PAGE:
Blocks, Scopes and Lifetime in Java

A block is a group of zero or more statements between balanced braces ('{' and '}') and can be used anywhere a single statement is allowed inside a class, and this includes inside the class outside all methods and within methods. A method can also be considered as a block with a name.

 

Scope and lifetime

Variables declared inside a block has a scope and lifetime limited to that block. For example, if you declare a variable myVar inside a method, it is local to that method and won't be recognized outside. A variable declared in one block will be available to its inner blocks, but not to its outer blocks. 

 

Initialization blocks

When a block (without name) appears outside all methods, but inside the class, it is called an initialization block. An initialization block can be used to initialize a class similar to constructors. A constructor is the primary way to initialize an object and is executed when an object is created. We will see constructors in detail next. Initialization blocks can be static or instance initialization blocks based on if the static keyword is there or not.

 

Instance initialization blocks

Instance initialization blocks are initialization blocks without the static keyword. As we have seen, an initialization block is a block which is outside all methods, but inside a class.

Example for a normal initialization block:

class MyClass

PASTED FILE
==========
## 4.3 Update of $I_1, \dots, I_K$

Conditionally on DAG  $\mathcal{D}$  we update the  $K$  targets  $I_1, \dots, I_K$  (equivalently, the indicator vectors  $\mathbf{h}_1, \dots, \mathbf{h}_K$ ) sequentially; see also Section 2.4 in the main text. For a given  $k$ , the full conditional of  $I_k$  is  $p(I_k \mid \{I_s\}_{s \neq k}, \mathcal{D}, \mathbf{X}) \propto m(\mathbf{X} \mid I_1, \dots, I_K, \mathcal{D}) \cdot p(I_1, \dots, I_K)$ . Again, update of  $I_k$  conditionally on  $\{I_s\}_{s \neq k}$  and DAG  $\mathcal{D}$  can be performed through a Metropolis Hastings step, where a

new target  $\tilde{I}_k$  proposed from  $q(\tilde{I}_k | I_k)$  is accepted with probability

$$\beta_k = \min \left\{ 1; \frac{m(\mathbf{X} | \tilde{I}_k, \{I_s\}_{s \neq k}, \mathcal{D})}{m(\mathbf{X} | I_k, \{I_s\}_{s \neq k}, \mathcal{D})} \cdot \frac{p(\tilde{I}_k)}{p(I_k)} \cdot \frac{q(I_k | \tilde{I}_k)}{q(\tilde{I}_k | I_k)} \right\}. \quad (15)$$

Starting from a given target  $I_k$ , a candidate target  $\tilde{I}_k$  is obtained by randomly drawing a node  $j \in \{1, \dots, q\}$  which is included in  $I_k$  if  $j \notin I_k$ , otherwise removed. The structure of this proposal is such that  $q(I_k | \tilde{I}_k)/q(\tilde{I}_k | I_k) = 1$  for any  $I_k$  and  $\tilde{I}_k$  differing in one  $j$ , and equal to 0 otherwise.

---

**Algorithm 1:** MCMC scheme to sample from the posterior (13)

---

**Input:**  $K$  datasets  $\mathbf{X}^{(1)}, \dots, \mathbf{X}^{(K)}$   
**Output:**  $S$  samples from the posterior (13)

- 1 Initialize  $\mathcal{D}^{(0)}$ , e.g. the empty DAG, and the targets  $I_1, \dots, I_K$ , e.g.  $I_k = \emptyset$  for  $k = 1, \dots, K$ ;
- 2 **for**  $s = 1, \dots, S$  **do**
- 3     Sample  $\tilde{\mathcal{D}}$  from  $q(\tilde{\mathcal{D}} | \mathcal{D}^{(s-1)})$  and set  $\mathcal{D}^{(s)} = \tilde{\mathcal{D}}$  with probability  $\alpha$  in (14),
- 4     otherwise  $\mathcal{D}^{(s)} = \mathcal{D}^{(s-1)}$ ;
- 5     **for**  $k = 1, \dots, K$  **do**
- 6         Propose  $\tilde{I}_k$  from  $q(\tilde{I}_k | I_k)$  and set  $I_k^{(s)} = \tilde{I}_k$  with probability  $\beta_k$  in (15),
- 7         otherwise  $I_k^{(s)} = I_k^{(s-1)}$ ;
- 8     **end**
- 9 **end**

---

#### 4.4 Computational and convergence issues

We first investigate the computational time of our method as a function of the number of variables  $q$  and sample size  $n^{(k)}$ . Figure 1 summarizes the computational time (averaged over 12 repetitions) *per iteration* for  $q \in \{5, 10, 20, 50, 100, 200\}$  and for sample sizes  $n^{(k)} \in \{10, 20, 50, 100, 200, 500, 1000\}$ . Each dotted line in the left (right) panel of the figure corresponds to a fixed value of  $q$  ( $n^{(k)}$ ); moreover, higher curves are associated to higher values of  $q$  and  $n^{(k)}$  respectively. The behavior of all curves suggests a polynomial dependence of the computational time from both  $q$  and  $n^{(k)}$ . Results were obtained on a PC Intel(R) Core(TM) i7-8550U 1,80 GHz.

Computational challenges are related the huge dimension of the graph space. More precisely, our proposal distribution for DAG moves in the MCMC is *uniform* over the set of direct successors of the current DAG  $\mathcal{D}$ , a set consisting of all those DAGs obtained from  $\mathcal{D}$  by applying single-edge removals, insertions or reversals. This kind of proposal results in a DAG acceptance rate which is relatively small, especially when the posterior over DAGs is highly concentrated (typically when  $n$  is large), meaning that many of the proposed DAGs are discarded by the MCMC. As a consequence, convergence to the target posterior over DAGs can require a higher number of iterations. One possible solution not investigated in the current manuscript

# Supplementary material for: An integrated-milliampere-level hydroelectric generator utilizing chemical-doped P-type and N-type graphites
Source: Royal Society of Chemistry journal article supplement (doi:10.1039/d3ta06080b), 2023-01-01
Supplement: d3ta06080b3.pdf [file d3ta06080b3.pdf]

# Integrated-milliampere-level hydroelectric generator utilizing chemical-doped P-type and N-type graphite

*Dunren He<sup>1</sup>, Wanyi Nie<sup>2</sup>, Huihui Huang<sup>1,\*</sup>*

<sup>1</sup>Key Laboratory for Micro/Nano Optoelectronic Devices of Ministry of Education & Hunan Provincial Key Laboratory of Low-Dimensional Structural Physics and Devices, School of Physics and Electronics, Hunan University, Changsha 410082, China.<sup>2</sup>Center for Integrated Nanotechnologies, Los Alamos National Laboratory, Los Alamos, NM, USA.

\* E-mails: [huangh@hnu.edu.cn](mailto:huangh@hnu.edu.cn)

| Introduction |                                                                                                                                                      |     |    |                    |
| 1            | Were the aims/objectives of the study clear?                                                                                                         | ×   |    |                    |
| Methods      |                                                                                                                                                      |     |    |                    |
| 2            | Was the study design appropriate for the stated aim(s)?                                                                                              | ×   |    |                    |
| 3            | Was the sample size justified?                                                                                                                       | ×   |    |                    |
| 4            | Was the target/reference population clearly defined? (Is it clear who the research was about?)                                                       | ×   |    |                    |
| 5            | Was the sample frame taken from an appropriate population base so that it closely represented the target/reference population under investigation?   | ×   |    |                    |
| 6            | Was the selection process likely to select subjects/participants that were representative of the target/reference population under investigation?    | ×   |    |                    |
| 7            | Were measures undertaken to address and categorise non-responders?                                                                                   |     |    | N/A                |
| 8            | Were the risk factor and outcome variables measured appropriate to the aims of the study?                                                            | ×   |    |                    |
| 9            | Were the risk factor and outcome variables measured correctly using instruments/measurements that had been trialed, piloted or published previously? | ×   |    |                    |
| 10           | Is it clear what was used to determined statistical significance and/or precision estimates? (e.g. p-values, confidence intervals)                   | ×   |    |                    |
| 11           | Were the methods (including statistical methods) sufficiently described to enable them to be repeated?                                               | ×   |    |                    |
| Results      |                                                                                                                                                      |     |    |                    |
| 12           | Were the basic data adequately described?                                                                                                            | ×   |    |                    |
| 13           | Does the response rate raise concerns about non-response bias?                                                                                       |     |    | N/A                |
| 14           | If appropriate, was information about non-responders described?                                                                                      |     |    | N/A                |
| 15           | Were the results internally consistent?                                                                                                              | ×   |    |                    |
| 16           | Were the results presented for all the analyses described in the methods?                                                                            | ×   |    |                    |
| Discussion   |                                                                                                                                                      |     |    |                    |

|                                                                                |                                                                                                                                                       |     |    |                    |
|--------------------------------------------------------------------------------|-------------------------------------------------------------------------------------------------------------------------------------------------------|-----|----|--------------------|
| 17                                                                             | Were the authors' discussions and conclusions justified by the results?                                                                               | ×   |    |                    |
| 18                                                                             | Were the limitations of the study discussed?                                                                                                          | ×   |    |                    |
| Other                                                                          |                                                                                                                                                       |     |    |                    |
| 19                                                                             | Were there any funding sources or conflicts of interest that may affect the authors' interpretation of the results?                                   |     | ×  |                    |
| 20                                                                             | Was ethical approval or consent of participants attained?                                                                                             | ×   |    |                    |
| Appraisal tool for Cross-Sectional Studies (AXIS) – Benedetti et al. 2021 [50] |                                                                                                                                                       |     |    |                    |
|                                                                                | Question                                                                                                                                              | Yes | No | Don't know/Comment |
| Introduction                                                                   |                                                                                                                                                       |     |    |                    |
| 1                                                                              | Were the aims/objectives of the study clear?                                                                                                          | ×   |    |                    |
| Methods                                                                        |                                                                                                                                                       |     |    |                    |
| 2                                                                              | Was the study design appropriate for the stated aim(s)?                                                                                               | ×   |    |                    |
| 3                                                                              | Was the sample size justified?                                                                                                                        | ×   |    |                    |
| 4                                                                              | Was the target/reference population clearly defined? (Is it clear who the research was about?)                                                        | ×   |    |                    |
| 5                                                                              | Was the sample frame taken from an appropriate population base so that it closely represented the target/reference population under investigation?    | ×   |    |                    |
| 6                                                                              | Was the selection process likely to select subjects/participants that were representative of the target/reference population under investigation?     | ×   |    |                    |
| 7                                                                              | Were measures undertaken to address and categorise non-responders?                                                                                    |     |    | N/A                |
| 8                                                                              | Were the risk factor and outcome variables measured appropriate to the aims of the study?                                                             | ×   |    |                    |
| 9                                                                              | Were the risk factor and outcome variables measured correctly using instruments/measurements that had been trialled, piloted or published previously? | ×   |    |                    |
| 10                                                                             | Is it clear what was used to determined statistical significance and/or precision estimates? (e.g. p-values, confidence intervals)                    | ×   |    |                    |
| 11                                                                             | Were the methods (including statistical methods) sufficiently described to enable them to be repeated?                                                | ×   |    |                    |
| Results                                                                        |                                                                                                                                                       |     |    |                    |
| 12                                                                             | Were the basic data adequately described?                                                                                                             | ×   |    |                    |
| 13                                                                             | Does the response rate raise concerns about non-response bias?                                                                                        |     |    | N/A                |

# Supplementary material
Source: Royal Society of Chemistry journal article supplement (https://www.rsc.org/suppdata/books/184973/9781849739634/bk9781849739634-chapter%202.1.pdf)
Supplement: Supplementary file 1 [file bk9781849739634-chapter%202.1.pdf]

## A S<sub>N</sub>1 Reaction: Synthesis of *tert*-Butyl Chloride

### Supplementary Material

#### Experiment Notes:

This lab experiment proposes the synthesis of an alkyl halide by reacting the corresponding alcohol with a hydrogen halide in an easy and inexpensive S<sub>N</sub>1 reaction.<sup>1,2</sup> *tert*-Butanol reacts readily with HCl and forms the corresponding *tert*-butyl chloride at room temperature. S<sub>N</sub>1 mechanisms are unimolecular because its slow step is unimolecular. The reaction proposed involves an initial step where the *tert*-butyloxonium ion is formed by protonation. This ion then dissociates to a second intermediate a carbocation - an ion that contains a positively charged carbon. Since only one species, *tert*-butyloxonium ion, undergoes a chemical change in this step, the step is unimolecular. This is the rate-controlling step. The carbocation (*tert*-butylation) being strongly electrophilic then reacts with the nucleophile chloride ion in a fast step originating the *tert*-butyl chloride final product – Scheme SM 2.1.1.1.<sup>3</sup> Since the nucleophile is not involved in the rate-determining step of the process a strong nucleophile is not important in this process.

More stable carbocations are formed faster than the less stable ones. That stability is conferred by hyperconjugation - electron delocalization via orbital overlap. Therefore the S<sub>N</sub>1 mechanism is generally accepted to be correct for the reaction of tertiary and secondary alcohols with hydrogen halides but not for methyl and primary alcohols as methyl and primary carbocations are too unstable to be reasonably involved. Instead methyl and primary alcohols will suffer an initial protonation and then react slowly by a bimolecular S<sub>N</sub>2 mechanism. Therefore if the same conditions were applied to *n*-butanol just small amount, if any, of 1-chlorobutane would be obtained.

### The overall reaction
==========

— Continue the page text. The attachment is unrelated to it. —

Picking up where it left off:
{

  // Below block is an initialization block

  {

    /*some code*/

  }

  /*some code*/

}

  • Instance initialization blocks can initialize final variables.

  • Constructors can initialize final variables.

  • Both instance initialization blocks and constructors cannot initialize static final variables.

  • All the init blocks will be executed in the order they appear, but before the constructor.

  • Initialization blocks and constructors are executed after the execution of initializers and hence will override any variable values assigned through an initializer.

 

Static initialization blocks

Static initialization blocks are similar to instance initialization blocks, but has a static keyword before the block. Static Initialization blocks run only once when the class is first loaded. All static init blocks will be executed in the order they appear.

Example for a static initialization block:

class MyClass

{

  //Below block is a static initialization block

  static 

  {

    /*some code*/

  }

  /*some code*/

}

  • Static initialization blocks can initialize static final variables.

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